I strongly support this statement by Dietitians of Canada. It is essential that all jurisdictions are required to monitor this potent indicator of health and poverty annually. We know that provinces who have moved away from progressive policies have opted out of measuring household food security; without mandatory monitoring, it is not possible to track impact of positive initiatives, or identify those that are having a negative impact on food security. Secondly, it is also important to ensure that adequate sample sizes are achieved: I live in a small province where it has been difficult to obtain reliable estimates, and it is not possible to identify differences in food insecurity according to important determinants such as source of income. It is essential that we use household food insecurity as a metric to assess the impact of any anti-poverty policies and programs.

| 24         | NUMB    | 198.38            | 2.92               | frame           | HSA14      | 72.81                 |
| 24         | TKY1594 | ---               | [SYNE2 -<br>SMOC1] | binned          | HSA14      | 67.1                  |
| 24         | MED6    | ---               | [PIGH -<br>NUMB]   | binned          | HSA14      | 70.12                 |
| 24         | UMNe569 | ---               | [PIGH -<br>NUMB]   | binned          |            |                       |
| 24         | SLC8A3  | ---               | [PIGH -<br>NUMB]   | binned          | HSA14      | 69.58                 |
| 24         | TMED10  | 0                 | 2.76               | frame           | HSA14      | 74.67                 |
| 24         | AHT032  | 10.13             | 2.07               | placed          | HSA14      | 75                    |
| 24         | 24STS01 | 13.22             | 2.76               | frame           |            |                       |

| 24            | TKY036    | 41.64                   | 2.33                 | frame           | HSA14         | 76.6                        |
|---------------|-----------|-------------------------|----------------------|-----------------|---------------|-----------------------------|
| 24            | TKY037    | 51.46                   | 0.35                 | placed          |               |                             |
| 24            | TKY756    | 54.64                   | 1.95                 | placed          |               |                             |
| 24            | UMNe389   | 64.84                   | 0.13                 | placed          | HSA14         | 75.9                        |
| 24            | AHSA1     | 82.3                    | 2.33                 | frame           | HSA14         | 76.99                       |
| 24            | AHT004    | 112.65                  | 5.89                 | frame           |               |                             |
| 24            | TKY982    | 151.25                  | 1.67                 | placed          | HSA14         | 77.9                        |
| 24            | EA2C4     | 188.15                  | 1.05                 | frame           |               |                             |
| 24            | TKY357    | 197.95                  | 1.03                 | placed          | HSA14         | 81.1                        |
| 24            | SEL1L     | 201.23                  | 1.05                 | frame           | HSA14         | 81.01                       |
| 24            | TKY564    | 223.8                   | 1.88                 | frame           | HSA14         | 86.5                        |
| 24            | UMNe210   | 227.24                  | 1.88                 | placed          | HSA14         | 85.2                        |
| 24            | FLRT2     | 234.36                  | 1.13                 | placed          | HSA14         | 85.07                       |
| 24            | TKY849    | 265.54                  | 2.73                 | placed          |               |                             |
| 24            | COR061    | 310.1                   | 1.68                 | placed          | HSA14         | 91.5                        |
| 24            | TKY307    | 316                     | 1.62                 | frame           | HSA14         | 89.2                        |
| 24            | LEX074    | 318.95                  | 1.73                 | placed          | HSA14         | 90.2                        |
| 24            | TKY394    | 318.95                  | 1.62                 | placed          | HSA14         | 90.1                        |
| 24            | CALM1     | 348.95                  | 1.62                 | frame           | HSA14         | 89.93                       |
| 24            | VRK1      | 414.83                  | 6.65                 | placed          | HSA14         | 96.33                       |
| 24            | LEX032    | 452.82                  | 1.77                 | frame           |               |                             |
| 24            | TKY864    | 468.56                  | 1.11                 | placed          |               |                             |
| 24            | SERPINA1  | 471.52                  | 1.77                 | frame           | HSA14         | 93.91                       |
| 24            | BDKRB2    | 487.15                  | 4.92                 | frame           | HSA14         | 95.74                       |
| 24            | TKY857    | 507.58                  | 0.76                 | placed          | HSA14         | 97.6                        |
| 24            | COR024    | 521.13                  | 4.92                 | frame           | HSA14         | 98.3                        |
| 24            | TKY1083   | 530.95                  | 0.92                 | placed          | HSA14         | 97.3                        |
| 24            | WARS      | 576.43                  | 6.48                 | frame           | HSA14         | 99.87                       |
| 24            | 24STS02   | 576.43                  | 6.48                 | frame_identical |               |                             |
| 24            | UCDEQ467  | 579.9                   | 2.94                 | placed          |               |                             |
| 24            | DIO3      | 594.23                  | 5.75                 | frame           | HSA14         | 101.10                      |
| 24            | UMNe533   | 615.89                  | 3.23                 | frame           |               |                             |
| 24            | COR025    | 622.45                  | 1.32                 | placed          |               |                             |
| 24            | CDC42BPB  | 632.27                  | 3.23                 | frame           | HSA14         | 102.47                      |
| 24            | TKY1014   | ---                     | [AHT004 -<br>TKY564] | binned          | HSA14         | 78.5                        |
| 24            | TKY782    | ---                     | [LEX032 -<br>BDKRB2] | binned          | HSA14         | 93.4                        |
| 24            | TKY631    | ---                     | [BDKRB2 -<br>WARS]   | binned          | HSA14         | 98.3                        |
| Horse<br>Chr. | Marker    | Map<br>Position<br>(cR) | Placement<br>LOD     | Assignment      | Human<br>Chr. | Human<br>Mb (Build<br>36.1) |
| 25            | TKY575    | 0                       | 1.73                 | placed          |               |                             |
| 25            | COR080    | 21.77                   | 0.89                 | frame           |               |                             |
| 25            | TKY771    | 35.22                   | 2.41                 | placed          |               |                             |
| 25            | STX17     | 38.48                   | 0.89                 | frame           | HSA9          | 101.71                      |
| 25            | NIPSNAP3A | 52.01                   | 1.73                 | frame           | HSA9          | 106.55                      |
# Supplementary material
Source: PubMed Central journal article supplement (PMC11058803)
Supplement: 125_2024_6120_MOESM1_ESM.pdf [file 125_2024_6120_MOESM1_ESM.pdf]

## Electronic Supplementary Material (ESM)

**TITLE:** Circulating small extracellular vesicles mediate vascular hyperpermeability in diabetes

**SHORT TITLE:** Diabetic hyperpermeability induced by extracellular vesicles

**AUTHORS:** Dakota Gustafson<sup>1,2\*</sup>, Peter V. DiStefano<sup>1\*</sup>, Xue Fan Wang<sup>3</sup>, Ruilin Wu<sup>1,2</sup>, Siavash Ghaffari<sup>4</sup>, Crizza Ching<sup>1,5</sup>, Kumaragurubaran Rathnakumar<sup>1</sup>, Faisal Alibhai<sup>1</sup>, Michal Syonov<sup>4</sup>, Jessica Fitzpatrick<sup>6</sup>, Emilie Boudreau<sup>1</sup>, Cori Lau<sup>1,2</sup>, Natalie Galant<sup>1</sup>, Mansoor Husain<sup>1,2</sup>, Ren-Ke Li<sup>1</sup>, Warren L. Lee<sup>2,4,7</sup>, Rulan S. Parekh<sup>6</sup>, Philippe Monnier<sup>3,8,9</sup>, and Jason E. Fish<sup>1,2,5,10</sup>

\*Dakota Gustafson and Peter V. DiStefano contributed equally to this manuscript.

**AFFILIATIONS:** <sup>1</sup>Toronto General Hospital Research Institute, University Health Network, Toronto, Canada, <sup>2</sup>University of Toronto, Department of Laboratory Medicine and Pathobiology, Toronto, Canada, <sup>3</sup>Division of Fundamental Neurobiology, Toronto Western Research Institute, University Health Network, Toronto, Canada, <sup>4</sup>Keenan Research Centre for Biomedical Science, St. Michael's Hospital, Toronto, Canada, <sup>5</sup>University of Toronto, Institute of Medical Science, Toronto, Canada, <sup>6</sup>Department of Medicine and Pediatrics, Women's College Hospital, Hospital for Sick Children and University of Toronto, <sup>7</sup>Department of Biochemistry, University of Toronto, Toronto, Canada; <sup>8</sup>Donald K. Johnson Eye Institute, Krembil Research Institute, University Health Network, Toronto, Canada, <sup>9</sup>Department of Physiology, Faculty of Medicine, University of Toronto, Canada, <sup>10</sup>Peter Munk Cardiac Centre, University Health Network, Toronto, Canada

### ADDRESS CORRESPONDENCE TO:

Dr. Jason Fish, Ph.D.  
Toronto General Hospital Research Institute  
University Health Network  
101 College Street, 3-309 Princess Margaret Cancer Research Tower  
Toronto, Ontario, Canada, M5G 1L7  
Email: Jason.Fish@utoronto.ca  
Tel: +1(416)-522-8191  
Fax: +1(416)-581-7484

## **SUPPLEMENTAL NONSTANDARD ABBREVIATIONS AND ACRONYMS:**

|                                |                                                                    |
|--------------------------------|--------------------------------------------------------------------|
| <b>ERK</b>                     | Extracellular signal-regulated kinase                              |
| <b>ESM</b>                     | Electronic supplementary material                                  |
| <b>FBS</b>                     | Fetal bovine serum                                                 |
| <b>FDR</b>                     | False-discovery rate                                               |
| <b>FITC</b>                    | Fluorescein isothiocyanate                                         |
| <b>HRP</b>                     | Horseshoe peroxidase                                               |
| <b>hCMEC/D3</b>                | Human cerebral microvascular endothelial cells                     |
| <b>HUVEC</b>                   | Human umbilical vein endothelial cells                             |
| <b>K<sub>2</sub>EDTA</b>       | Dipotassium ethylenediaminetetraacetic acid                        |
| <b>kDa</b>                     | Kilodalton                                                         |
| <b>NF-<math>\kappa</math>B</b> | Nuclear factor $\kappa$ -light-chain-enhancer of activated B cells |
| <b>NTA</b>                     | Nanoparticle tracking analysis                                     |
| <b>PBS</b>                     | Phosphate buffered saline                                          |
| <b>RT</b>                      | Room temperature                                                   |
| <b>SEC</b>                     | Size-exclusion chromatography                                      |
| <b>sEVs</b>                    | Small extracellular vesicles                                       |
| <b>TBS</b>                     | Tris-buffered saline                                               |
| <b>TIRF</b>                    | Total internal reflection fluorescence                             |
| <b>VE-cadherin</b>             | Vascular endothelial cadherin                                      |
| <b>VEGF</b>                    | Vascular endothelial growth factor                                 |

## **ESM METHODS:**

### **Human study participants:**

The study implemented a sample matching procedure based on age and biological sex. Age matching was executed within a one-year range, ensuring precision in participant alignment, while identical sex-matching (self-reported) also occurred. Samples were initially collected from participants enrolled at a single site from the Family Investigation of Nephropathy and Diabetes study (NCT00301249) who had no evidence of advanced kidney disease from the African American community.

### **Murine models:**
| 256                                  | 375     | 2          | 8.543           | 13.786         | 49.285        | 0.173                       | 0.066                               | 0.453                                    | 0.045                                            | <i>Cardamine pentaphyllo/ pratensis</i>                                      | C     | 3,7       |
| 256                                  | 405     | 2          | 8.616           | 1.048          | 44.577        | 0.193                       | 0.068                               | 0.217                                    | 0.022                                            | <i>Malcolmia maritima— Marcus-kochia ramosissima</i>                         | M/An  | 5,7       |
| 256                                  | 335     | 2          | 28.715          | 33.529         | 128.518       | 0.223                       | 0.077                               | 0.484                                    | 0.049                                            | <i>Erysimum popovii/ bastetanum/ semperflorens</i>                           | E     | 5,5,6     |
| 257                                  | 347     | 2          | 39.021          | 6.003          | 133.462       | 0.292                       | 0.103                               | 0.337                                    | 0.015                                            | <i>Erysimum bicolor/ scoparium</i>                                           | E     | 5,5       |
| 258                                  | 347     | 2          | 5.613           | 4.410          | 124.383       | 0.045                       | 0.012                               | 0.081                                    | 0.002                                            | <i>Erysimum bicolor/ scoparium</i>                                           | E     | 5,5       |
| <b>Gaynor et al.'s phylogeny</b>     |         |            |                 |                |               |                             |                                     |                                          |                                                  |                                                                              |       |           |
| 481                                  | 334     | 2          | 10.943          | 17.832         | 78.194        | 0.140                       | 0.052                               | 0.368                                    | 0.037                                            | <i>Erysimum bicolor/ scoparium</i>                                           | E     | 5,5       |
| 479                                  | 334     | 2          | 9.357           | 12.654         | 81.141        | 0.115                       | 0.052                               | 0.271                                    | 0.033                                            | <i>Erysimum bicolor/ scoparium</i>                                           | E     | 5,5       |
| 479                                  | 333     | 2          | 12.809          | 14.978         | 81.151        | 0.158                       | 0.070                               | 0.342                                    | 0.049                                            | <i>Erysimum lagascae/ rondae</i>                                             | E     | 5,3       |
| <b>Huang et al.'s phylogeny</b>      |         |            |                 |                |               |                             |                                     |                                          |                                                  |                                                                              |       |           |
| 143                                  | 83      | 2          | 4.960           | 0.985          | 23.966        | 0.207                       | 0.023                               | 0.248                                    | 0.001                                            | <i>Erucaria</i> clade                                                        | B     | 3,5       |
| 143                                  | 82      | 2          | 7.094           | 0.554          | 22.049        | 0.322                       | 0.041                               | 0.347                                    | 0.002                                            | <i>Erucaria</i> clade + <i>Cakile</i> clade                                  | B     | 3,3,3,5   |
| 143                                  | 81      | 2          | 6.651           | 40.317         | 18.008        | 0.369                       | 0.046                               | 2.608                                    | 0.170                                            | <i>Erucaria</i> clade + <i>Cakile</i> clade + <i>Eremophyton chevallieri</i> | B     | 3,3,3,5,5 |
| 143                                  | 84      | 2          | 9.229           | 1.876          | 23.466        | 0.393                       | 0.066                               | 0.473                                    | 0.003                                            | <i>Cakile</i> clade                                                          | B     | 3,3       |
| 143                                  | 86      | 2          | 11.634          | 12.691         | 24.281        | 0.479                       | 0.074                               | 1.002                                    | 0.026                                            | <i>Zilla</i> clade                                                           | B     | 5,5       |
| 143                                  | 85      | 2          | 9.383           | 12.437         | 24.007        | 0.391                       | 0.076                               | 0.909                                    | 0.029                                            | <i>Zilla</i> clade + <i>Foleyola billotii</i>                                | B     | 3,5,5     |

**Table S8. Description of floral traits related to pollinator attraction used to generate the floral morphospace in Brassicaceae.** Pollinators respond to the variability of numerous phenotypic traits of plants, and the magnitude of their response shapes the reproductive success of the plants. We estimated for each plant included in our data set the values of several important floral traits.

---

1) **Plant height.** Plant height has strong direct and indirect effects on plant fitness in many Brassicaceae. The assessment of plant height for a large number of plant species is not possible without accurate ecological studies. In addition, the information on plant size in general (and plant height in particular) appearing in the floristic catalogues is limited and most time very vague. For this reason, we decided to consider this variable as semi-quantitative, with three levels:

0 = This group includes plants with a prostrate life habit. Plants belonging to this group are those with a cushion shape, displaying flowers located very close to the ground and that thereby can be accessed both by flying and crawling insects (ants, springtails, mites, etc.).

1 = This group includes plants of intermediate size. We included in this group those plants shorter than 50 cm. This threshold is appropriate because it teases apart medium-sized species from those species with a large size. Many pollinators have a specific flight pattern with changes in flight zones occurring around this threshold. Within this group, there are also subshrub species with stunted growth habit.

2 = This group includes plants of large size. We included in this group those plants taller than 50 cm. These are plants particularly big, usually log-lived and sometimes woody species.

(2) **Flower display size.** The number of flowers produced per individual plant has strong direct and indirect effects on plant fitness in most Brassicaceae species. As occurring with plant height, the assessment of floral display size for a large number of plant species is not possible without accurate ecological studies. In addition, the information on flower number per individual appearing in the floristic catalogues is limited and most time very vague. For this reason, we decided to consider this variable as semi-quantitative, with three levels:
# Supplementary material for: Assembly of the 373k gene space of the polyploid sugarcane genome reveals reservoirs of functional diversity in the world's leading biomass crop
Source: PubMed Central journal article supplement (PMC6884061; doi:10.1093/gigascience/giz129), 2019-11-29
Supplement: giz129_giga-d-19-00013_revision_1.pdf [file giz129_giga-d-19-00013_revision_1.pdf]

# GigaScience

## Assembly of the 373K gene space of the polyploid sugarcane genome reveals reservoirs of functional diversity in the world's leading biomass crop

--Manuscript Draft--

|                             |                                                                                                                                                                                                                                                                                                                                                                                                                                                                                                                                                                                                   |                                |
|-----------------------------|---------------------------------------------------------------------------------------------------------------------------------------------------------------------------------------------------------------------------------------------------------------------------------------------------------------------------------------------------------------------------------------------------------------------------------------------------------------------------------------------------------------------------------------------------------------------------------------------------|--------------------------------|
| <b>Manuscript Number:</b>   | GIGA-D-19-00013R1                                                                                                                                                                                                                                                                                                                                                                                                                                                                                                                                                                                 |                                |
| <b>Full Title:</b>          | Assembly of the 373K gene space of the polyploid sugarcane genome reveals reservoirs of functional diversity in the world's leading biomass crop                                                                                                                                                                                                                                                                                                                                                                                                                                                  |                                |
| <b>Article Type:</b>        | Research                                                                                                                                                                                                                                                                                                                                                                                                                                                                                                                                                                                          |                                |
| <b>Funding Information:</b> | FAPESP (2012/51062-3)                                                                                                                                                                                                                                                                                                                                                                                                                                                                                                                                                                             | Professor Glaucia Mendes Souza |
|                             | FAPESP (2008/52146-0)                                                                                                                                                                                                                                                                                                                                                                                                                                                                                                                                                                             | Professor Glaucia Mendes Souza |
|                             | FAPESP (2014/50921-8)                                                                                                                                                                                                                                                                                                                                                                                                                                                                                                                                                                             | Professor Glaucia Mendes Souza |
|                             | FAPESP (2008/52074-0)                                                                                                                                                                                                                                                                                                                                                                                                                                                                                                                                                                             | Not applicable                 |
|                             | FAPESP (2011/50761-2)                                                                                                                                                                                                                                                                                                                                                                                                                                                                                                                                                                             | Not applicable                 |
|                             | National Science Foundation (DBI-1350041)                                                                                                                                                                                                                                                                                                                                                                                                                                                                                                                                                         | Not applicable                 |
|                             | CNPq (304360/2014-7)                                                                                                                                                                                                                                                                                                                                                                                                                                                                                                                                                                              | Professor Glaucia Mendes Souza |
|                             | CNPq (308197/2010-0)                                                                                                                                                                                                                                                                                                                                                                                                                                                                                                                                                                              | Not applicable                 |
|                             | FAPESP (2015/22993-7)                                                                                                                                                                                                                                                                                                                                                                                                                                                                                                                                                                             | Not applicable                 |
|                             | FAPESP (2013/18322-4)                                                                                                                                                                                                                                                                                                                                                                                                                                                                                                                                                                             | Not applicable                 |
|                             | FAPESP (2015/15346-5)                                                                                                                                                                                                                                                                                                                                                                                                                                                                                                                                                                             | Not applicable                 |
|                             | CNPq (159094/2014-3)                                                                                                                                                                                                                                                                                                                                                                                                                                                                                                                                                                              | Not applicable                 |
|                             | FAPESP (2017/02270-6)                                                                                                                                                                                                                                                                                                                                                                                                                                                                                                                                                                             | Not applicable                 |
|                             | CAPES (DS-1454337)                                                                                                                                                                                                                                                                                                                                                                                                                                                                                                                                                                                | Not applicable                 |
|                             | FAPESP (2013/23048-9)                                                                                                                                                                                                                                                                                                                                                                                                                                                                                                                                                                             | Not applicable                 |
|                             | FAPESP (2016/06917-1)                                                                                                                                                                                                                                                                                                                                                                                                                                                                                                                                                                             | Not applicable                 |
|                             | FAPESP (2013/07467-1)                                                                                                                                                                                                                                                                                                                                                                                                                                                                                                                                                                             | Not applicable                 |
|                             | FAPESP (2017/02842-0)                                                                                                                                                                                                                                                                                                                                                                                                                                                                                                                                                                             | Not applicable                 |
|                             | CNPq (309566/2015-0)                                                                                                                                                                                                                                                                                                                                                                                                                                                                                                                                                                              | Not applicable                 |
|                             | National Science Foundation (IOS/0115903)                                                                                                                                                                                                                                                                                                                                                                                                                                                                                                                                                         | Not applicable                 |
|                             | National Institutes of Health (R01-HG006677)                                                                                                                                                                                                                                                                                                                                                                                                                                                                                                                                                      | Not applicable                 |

• Sheikh Adil Zubair almost 3 years ago
    You can measure your progress regarding poverty reduction, by ratio of unemployment level. If unemployment will be lesser in number then we can say that your are going to implement best strategies for poverty reduction.
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    • 501130 over 2 years ago
      What about the working poor? People with 2 or more part-time minimum wage jobs with no health benefits living below the poverty line (LICO).
  • Dietitians of Canada over 2 years ago